From the internal viewpoint of the adjoint representation, this construction is entirely explicit. Moreover, beyond the arbitrary choice of a common Cartan subalgebra, the finitely many automorphisms of the bigger or the smaller Lie algebra stabilizing this Cartan subalgebra seem to provide the only variation in the embedding. Naturally you might prefer to realize all of this in terms of Jordan algebras and the like, but it's already visible in the abstract Lie algebras.
For the comparison of Lie algebras of types $F_4$ and $E_6$, probably the most natural Lie algebraic embedding is the "folding" suggested by Johannes. This too is treated in Helgason's chapter and in the book by Kac, as well as in algebraic group classifications. Here you realize the smaller Lie algebra as the fixed points in the bigger one of a natural diagram automorphism which identifies certain simple roots of $E_6$. Again I don't see more than one way to do this abstractly, but you can always apply some compatible automorphisms of the Lie algebras.
P.S. Concerning the question of which field you work over, it makes no difference if the field is real or complex (in fact, the Lie algebras involved come from a Chevalley form over the integers). What matters is that the Lie algebras be split, since otherwise you get into further questions about nonsplit real forms and their relationship.
There is a systematic construction of the exceptional Lie algebras that uses tensor products of composition algebras as the starting point. This is nicely explained in "Triality, exceptional Lie algebras, and Deligne dimension formulas" by Landsberg/Manivel (where you can also find references to the original sources of this observation). This gives constructions
$${\mathfrak f}_4 \quad = \quad ({\mathbb O} \otimes {\mathbb R}) \oplus ({\mathbb O} \otimes {\mathbb R}) \oplus ({\mathbb O} \otimes {\mathbb R}) \quad \oplus \quad t({\mathbb O}) \times t({\mathbb R})$$
$${\mathfrak e}_6 \quad = \quad ({\mathbb O} \otimes {\mathbb C}) \oplus ({\mathbb O} \otimes {\mathbb C}) \oplus ({\mathbb O} \otimes {\mathbb C}) \quad \oplus \quad t({\mathbb O}) \times t({\mathbb C})$$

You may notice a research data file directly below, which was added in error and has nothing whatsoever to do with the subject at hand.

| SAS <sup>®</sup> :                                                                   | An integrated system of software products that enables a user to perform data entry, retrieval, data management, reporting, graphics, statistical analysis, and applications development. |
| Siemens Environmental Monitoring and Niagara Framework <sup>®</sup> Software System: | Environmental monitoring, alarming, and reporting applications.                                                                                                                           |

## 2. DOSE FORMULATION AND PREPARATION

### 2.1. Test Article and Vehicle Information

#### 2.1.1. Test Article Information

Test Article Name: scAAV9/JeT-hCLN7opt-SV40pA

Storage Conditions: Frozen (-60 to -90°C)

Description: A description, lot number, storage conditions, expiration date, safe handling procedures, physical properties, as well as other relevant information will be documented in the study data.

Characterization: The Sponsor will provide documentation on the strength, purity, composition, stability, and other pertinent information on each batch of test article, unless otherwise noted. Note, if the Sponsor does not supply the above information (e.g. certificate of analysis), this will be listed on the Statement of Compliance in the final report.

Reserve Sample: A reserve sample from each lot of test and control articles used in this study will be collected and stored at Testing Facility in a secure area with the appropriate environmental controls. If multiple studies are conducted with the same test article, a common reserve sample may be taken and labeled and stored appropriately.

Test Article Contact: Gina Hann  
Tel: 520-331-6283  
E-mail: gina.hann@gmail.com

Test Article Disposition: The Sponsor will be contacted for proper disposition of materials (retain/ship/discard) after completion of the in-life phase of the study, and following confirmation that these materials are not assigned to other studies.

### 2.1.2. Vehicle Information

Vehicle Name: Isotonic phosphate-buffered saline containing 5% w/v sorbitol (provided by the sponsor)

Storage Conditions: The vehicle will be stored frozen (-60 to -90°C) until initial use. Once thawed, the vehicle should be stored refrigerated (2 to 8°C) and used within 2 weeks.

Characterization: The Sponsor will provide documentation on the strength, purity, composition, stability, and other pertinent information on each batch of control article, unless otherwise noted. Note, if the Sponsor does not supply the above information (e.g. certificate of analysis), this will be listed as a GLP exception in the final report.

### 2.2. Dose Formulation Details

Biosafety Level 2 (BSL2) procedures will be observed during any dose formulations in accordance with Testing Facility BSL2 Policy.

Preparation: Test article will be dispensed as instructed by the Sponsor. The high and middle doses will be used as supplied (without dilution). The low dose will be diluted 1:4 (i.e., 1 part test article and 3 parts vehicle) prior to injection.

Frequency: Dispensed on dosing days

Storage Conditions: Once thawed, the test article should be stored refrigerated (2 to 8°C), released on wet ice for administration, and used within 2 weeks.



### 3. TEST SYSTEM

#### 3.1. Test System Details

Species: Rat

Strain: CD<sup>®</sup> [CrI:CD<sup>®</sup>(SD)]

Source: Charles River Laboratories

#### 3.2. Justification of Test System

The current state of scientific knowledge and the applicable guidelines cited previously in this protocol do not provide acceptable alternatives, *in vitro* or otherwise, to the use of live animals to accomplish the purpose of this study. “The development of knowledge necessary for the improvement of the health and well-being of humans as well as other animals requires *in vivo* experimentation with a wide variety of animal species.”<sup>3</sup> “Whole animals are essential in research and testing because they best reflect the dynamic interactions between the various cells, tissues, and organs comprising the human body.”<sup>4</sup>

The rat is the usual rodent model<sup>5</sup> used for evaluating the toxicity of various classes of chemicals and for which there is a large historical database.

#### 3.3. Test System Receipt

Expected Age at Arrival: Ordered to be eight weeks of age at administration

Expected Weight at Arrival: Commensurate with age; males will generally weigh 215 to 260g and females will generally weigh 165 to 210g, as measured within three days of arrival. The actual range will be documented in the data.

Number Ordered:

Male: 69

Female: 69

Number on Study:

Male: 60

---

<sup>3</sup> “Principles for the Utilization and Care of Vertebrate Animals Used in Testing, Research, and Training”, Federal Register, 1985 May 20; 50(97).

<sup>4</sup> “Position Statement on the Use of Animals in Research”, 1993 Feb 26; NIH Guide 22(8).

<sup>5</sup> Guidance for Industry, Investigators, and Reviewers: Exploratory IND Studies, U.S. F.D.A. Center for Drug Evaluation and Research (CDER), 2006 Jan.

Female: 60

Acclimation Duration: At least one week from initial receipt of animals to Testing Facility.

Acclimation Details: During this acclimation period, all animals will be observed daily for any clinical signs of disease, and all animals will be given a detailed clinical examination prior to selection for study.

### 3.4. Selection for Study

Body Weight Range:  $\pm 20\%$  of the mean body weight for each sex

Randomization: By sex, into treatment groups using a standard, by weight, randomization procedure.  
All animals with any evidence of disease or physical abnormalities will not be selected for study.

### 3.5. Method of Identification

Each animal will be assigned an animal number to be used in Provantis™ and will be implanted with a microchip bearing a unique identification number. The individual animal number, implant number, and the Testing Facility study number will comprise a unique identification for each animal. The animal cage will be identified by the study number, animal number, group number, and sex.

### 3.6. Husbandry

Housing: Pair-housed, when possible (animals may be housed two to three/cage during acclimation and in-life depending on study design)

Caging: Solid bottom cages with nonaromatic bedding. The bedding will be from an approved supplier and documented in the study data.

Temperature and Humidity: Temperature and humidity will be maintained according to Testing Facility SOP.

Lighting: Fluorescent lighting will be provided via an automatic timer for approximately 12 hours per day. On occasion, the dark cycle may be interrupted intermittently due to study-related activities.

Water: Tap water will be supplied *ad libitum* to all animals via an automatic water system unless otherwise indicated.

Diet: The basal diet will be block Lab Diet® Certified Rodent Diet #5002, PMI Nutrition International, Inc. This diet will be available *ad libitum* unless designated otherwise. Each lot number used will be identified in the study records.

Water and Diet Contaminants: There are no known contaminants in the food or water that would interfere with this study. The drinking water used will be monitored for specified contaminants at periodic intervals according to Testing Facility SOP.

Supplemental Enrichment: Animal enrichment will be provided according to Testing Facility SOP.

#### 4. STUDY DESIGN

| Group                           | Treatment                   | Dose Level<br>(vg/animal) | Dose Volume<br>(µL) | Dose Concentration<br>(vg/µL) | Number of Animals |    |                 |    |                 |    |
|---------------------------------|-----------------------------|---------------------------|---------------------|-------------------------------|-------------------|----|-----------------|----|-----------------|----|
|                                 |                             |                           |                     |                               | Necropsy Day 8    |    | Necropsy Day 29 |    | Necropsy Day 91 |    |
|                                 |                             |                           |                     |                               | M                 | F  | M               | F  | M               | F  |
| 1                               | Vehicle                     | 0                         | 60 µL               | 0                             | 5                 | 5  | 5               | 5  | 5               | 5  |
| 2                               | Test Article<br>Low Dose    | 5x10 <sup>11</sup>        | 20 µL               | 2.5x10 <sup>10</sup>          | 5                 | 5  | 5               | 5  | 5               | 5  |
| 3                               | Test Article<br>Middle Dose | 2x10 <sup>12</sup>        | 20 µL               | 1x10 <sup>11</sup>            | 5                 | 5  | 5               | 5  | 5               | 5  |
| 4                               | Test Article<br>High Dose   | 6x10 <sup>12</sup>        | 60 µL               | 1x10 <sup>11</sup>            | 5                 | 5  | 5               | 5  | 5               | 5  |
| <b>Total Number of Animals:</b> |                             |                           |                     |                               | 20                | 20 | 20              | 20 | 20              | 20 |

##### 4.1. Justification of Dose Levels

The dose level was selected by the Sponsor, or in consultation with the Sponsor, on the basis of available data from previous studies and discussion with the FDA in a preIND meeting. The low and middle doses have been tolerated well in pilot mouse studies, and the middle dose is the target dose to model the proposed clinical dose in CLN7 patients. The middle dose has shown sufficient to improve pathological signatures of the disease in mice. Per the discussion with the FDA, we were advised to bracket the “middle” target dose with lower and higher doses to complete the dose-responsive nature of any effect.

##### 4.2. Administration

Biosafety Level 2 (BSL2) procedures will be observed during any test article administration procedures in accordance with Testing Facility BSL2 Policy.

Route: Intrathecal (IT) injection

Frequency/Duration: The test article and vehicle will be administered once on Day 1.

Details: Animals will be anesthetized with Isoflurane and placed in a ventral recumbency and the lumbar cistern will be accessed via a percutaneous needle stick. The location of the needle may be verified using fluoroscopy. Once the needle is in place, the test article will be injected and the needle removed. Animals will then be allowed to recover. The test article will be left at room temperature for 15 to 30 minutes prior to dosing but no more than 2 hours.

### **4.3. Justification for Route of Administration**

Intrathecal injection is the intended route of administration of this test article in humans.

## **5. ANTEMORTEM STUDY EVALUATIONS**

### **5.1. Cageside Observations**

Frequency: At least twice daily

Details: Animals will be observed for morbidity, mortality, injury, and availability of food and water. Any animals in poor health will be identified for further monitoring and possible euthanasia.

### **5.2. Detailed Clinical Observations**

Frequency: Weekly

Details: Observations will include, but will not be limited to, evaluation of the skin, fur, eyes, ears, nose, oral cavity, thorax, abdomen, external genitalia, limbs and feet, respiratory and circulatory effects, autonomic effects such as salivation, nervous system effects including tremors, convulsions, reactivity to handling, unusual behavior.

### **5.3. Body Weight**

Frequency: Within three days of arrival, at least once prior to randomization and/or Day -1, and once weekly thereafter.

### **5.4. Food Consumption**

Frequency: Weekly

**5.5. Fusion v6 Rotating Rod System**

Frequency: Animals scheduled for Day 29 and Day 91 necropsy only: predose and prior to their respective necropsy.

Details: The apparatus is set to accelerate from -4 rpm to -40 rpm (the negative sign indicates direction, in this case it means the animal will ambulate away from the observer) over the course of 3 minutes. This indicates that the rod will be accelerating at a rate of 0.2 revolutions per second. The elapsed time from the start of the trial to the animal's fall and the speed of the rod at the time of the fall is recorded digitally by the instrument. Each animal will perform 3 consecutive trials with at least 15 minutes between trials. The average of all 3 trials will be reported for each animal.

Here $t({\mathbb A})$ denotes the triality algebra of $\mathbb A$, so $t({\mathbb R}) = 0$, $t({\mathbb C}) = {\mathbb R}^2$, $t({\mathbb O}) = {\mathfrak s \mathfrak o}_8$.
In this setting the ${\mathfrak s \mathfrak o}_9\subset {\mathfrak f}_4$ is given by ${\mathfrak s\mathfrak o}_9 = ({\mathbb O} \otimes {\mathbb R}) \oplus ( t({\mathbb O}) \times t({\mathbb R}))$ and the inclusion ${\mathfrak f}_4 \subset {\mathfrak e}_6$ is induced by ${\mathbb O} \otimes {\mathbb R} \subset {\mathbb O} \otimes {\mathbb C}$.
Another point of view. One can construct very explicitely $f_{4}$ by beginning with $so(9)$. Let $J_{ij}$ be a basis of $so(9)$. Consider the 16dimensional spin representation of $so(9)$ with a basis $Q^{a}$ : one has $[J_{ij},Q^{a}]= \gamma_{ab,ij}Q_{b}$. Then consider the direct sum of $so(9)$ and of its spin representation. We want to construct a Lie algebra structure on this vector space. For $[J_{ij}, J_{kl}]$ one takes what we have in $so(9)$, and one set $[J_{ij},Q^{a}]= \gamma_{ab, ij}Q_{b}$ and $[Q^{a}, Q^{b}] = \gamma_{ab, ij} J_{ij}$.
There is some computation to do in order to prove that Jacobi identity is verified. The Lie algebra obtained is of dimension 36+16=52 and is $f_{4}$. By construction, $so(9)$ is a Lie subalgebra of $f_{4}$.
The same construction with $so(16)$ and its 128dimensional spin representation gives a Lie algebra of dimension 120+128=248 which is $e_{8}$. The natural inclusion of $so(9)$ in $so(16)$ induces an inclusion of $f_{4}$ in $e_{8}$. In fact $e_{8}$ contains naturally $e_{6}$ : $e_{6}$ is the centralisator of $so(10) \times su(3) \subset so(10) \times su(4)=so(10) \times so(6) \subset so(16) \subset e_{8}$. With this explicit description, it is easy to see that $f_{4}$ is in fact contained in $e_{6}$.

$\begingroup$ This seems like the construction @Claudio Gorodski gives for $\mathfrak{e}_6$ out of $\mathfrak{f}_4$ and it's last fundamental representation. He mentions that it is a standard construction based on the fact that $E_6/F_4$ is symmetric space and $F_4$ is a symmetric subgroup. Is there a nice reference for that? $\endgroup$ Jan 3, 2015 at 19:14